But there is much to be said for it. Wright shows his capabilities as an accomplished director here; this is his best film to date (I say this only having seen his in my opinion mediocre "Shaun of the Dead"). How he plays the world of the spaced-out Scott is superb. In the book, Scott is notably at the mercy of time, but this isn't quite as intense for the reader. In the film, Wright excellently accentuates this to the point that the scenes slide and slam together. And, in his script with Michael Bacall, he does a great job of filtering the book's sardonic and eccentric humor through a cinematic lens.
The actors fit the characters' shoes admittedly to varying degrees of success, but at least they're all on the high end of the spectrum. Michael Cera, who I had doubts about in the role of the title character, does well, as do Mary Elizabeth Winstead as Ramona, Kieran Culkin as Wallace Wells, and Jason Schwartzman, delightfully glib if slightly over-the-top, as Gideon.
For the uninitiated (who, to me, will be much better off when viewing this film as they won't have the books to think about in the back of their minds), Scott Pilgrim (Cera) is a Toronto-based layabout without a job who's floating in the world just outside of college, living in a crappy apartment consisting of stuff mostly owned by his roommate Wallace (Culkin). He's got a band (Sex Bob-Omb) and a girlfriend in high school (Knives Chau, played simultaneously as worthy and as pathetic by Ellen Wong) who he's not serious about but who's serious about him. He sees a hot girl in his dreams (much better explained in the book; I'll leave it at that), who comes into his life soon afterwards as an American moving to Canada for some quiet time. This is Ramona (Winstead), and according to those on the party scene, she's too much for him. But this is not the case, as they come to a relationship.
Not as simple as that, however. Scott is faced with the challenge of having to dispatch a whopping total of 7 "evil exes," who make up a sort of "league." They range from flames she had very minor encounters with in grade school to the one that she's still not over. I agree with the speculation of at least some that these battle scenes were dense and probably should have been wider spaced. Wright would have had to make a film 2 and half to 3 hours to do that, but still: except for the first two, which are meticulously re-created, the rest are sped through, cutting off huge developments (one wouldn't understand the true power of Envy Adams' devastation from this film) as the film goes headlong towards the ending. This is on some level good: I disliked the drawing-out of some of the conflicts in the book and it would be a pain to see them played out again on-screen. But overall, it's a bit slipshod.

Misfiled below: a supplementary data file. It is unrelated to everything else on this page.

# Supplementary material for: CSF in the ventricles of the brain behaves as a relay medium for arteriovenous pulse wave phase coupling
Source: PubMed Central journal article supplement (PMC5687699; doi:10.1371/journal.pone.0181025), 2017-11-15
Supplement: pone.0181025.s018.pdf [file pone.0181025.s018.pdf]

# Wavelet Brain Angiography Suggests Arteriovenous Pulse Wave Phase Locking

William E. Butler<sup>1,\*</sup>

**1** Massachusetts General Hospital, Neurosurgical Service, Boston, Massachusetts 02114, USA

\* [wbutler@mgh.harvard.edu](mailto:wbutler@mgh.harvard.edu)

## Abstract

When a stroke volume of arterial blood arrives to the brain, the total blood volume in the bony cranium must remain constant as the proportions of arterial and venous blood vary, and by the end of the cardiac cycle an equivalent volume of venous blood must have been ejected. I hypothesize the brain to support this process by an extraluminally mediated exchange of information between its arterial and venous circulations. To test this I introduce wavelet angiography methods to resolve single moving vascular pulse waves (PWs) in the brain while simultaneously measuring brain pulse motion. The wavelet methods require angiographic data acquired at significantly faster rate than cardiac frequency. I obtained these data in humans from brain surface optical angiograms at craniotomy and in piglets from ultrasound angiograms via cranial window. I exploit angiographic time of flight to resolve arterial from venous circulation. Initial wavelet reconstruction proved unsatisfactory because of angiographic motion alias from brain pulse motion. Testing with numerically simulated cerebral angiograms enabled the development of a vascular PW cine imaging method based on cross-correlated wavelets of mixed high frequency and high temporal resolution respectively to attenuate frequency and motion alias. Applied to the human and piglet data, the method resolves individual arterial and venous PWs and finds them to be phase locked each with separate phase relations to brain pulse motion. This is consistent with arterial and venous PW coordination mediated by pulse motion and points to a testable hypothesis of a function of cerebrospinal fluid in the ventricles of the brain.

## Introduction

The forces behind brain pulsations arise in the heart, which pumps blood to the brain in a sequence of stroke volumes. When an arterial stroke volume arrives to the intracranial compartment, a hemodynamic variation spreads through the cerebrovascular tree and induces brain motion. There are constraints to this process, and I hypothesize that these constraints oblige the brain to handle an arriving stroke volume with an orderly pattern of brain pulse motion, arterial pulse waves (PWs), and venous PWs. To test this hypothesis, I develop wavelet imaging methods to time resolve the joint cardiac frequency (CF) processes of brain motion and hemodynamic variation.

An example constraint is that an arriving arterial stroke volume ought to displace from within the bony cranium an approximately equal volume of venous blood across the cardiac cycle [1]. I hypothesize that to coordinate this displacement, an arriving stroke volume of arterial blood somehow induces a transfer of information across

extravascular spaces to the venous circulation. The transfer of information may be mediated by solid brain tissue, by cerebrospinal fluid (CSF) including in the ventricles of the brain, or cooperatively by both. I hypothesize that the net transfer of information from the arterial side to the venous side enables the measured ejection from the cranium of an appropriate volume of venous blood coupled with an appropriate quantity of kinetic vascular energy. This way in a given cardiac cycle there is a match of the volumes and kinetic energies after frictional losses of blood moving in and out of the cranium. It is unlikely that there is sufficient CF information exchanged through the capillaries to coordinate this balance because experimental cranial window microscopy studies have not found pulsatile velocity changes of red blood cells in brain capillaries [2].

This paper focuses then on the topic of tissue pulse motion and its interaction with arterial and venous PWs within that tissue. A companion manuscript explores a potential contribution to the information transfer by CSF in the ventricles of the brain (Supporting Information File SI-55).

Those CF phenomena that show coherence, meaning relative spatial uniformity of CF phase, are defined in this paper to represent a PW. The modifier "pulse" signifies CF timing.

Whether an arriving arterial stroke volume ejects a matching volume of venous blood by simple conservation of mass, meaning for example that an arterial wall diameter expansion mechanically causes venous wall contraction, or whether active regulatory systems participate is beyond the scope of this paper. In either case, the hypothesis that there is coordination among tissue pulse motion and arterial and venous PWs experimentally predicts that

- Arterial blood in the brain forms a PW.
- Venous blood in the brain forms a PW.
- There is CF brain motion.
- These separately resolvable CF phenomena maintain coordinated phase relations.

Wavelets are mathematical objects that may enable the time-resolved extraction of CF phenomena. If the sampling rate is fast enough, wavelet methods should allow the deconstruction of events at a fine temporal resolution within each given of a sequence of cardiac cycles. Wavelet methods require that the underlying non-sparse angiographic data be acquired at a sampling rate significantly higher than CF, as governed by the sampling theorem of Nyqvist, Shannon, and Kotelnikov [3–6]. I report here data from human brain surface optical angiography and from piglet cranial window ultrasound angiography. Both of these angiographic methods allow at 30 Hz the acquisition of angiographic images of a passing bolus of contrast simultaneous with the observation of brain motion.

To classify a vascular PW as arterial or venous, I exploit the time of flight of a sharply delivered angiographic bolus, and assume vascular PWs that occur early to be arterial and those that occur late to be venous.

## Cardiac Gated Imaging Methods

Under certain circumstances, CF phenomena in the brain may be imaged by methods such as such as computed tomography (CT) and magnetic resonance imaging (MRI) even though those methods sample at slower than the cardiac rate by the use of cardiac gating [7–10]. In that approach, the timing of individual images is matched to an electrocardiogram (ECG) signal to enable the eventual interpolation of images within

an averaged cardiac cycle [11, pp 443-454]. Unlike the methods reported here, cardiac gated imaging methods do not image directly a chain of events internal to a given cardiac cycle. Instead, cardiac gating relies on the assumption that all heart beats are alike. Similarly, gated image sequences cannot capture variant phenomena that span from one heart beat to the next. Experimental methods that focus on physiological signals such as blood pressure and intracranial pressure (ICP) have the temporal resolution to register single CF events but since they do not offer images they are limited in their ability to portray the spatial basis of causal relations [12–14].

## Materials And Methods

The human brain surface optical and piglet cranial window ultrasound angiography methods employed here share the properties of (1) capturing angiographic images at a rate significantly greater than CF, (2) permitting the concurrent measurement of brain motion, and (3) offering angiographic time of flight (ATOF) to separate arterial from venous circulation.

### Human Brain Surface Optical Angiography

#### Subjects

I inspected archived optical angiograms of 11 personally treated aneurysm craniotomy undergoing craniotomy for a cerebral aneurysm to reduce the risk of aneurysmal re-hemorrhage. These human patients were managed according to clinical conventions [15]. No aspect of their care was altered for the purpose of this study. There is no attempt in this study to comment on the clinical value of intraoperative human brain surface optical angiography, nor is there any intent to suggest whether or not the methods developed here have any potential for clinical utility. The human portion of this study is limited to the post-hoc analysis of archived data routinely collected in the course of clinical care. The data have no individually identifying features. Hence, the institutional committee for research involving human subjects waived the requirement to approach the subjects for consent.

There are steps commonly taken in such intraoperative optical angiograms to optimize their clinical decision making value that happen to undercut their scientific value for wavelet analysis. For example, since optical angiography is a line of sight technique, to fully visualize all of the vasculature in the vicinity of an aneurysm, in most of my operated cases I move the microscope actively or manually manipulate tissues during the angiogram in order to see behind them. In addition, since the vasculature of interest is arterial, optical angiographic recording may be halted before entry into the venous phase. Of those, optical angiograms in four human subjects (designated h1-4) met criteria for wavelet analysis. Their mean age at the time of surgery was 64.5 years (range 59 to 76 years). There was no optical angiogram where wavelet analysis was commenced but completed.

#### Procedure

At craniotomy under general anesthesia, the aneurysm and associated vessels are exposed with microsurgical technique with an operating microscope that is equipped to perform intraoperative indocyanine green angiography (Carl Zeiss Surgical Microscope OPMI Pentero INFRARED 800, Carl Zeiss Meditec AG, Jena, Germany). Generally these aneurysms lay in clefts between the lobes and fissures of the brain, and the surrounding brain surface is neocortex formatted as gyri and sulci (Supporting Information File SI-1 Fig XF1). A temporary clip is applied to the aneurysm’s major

The second half plays as if Wright took apart the end of the series, threw it in a box, and blew it up with dynamite. Strands of the plot are all over the place, as the film is very simplified. As I said before, this is well-done by Wright but, of course, disconcerting for the observant reader. The construction of the ending is completely foreign to that of the book, simultaneously refreshing and bizarre, using Knives Chau to a very profuse extent. She feels like an intruder in the messily observed climax and ending. It works at times, but it is not exemplary craftsmanship on Wright's part. Also: his decision to dance around the book's emotional pieces nicely lightens the mood but backfires in that it shuts out very important content.
As a gamer and a jester, Wright is able to do an admirable job with much of this film. He makes "Scott Pilgrim vs. the World" absorbing and at times even surprising for me as a previous reader. But he didn't entirely make it work. Although I may be slightly off, I think those taking in this story for the first time will appreciate this film version better. However, if you were going to pick between the comics and the feature, I'd say go with the reading. B-